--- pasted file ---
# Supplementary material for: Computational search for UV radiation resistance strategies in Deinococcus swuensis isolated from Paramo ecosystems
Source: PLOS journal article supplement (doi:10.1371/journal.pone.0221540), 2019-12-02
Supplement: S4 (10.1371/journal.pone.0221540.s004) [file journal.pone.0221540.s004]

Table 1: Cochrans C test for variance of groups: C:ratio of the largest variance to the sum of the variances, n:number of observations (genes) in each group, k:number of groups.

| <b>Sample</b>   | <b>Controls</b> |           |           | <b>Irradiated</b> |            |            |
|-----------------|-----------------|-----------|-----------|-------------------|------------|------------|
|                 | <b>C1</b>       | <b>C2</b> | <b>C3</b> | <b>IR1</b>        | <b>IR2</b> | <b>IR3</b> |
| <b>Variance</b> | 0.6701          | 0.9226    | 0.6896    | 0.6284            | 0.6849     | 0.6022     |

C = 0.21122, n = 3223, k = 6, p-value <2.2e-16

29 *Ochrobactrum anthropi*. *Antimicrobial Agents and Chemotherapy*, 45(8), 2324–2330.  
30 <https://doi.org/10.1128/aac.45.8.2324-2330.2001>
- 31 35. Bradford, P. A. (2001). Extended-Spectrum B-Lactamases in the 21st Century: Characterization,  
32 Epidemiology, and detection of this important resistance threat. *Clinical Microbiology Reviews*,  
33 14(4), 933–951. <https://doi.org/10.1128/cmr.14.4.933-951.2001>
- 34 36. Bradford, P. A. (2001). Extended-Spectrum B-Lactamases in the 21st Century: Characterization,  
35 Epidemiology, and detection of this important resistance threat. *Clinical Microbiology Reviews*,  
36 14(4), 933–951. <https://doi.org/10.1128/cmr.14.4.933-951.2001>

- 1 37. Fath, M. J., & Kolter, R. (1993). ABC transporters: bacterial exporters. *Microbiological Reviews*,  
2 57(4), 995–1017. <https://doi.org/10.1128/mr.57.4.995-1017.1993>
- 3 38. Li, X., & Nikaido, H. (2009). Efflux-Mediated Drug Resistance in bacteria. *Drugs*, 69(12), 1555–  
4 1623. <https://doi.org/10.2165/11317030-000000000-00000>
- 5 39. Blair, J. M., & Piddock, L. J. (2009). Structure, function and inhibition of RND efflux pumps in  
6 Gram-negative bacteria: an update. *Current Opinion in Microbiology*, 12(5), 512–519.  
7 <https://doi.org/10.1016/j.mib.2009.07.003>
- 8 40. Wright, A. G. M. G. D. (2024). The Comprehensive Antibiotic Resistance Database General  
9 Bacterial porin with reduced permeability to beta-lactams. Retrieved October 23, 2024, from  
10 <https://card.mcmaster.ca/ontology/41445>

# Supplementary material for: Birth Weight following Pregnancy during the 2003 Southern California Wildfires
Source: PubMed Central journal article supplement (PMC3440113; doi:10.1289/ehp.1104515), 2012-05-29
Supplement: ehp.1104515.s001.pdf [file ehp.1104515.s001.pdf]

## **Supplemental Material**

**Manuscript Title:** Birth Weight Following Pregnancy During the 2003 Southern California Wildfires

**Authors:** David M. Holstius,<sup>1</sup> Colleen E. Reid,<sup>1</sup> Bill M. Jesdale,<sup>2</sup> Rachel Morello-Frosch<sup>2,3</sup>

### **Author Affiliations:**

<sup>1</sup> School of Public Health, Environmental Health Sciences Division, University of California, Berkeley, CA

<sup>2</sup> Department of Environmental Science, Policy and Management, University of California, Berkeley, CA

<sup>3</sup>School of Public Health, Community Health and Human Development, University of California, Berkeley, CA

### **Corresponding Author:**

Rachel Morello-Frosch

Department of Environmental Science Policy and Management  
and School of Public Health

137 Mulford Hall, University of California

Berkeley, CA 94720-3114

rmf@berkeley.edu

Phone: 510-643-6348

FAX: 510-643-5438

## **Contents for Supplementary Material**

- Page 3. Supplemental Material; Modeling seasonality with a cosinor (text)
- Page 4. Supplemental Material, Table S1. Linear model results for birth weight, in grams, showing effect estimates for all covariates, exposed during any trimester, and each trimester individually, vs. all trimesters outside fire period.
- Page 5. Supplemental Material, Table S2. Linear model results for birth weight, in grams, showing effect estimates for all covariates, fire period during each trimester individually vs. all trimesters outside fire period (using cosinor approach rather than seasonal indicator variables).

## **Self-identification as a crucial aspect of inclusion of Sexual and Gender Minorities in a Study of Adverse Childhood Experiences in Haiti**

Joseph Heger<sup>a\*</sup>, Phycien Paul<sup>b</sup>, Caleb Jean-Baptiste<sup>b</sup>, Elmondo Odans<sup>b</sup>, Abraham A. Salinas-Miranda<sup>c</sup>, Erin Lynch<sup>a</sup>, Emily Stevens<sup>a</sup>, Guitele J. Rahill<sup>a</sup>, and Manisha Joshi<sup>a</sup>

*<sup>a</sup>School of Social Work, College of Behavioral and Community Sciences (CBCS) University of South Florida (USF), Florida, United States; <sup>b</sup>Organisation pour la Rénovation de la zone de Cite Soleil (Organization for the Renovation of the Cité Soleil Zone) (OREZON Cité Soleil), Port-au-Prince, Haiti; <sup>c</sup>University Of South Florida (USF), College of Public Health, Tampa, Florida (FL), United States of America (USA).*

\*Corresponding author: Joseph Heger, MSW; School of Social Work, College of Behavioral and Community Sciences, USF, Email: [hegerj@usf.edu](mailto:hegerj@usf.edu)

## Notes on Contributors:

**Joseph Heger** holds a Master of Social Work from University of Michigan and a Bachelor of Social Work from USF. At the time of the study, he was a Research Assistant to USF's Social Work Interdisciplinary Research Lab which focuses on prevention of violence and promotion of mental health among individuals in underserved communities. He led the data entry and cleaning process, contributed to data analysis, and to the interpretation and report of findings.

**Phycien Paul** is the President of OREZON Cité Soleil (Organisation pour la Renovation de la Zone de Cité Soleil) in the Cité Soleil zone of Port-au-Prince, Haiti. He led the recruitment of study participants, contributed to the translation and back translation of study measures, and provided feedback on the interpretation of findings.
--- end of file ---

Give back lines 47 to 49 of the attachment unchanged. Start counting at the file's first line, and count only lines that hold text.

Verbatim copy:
## **Contents for Supplementary Material**

- Page 3. Supplemental Material; Modeling seasonality with a cosinor (text)
- Page 4. Supplemental Material, Table S1. Linear model results for birth weight, in grams, showing effect estimates for all covariates, exposed during any trimester, and each trimester individually, vs. all trimesters outside fire period.